Mali sends troops to retake town from Tuareg separatists

KIDAL, Mali, (Reuters) – Mali sent in troops yesterday to retake Kidal from Tuareg separatists after six government workers and two civilians were killed, according to the United Nations, during an attack on the regional governor’s office.

At least eight soldiers were also killed and around 30 civil servants captured by rebels during clashes that broke out while Prime Minister Moussa Mara was on a visit to the northern town.

A spokesman for the separatists denied that anyone had been killed inside the government building.

Gunfire had already broken out before Mara’s arrival early on Saturday and he was forced to take shelter in an army base.

“In light of this declaration of war, the Republic of Mali is henceforth at war,” Mara told a Reuters reporter inside the base overnight.

He told a news conference on Sunday after he moved to Gao, another city in the north, that the government had already sent troops, including special forces, to retake Kidal.

“Reinforcements are on the way to Kidal. The objective is to totally retake Kidal,” a senior military source also told Reuters, asking not to be named.

Mara was visiting the town, a stronghold of Tuareg separatists, for the first time since his appointment last month as part of efforts to revive long-delayed talks with northern armed groups.

Mali was thrown into turmoil in 2012 when al Qaeda-linked Islamists took advantage of a Tuareg-led rebellion and seized control of the country’s north before a French-led military operation, known as Serval, drove them back last year.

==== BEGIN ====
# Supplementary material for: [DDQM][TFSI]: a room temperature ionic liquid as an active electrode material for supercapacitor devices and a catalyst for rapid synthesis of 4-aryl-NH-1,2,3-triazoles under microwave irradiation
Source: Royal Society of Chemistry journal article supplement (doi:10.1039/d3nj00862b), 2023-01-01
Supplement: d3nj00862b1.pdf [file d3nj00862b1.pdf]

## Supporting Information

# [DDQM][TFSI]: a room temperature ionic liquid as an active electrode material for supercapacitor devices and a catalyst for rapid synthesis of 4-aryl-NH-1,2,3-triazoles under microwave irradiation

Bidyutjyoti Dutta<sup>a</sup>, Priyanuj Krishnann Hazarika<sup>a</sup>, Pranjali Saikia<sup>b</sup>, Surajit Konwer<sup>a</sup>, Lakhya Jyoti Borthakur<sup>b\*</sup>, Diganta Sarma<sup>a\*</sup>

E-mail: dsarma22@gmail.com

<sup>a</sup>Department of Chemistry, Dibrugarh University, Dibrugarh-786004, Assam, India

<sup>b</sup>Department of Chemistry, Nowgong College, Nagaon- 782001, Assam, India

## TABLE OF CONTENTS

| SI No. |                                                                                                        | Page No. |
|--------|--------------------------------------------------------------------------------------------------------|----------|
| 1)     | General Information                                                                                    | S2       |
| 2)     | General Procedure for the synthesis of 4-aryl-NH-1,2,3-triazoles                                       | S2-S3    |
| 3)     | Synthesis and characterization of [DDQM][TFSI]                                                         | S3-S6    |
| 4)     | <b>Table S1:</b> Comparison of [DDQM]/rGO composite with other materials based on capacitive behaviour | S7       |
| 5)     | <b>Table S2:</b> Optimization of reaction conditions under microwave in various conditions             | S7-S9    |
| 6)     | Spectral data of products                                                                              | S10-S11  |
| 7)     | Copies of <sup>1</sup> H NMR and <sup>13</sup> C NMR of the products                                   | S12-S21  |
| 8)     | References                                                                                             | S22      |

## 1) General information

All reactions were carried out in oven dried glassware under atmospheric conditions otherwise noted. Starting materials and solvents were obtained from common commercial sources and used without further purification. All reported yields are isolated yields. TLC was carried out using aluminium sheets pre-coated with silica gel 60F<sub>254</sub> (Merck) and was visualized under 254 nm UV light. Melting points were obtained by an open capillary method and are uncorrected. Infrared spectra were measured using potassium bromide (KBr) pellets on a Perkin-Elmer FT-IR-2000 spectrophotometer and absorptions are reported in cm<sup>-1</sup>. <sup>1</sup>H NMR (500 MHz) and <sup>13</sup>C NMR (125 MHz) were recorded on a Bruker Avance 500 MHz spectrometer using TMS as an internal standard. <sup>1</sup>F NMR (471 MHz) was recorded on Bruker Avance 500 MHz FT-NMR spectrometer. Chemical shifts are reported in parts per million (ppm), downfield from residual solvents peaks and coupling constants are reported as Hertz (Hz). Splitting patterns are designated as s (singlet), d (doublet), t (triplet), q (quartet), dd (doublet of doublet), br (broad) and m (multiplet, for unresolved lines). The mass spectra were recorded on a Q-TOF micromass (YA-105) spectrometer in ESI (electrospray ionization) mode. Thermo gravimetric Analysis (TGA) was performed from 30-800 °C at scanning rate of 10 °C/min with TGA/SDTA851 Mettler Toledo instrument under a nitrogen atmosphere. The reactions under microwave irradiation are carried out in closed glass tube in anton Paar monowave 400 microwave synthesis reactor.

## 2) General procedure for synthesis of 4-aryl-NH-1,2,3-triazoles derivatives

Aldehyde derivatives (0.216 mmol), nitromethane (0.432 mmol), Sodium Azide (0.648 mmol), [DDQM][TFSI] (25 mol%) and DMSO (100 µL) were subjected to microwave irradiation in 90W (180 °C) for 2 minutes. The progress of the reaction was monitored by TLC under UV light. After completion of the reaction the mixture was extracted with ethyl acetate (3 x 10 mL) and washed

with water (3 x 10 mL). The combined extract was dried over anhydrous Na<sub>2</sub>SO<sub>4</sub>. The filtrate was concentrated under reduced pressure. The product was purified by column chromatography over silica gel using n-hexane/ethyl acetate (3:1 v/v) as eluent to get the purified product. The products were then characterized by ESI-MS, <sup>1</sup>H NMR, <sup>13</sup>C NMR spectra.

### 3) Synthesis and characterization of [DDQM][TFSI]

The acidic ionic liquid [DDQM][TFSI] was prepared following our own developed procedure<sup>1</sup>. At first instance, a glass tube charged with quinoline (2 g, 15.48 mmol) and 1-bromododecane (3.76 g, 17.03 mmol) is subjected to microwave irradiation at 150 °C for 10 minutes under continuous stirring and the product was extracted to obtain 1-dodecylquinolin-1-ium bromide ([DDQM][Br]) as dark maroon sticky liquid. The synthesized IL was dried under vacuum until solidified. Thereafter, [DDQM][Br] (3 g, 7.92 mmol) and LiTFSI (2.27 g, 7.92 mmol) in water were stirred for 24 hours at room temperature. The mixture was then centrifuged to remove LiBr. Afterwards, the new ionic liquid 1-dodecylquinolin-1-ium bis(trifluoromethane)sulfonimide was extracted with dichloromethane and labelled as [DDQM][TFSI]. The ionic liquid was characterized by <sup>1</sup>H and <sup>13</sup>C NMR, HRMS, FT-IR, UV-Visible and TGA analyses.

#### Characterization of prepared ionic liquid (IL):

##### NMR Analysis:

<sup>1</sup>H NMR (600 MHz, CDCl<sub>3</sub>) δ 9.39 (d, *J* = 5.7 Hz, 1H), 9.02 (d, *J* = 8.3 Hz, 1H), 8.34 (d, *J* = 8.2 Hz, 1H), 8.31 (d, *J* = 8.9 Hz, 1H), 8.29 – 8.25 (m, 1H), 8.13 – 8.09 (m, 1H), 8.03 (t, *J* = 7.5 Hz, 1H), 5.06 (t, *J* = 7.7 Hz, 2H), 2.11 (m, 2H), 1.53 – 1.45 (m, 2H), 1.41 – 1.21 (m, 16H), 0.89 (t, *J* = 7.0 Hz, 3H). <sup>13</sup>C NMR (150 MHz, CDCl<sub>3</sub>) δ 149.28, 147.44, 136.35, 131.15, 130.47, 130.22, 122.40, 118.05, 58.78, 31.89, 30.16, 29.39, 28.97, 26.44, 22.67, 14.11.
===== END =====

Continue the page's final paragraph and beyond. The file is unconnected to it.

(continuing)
The government and a grouping of armed groups including the Tuareg National Movement for the Liberation of Azawad (MNLA), which broke with the Islamists ahead of the French offensive, signed an agreement to hold talks over autonomy last year.

But the clashes, the most serious pitting the government against Tuareg fighters since the French intervention, now threaten to sink efforts to find a peaceful solution to the long cycle of rebellions in the West African nation’s desert north.

The United States condemned the violence, saying it undermined the country’s fragile peace.

“We call for the immediate release of all hostages, and urge all parties to refrain from violence and from any acts that place civilians at risk,” State Department spokeswoman Jen Psaki said in a statement. “The way to resolve these issues is through an inclusive and credible negotiation process, not through violence and intimidation.”

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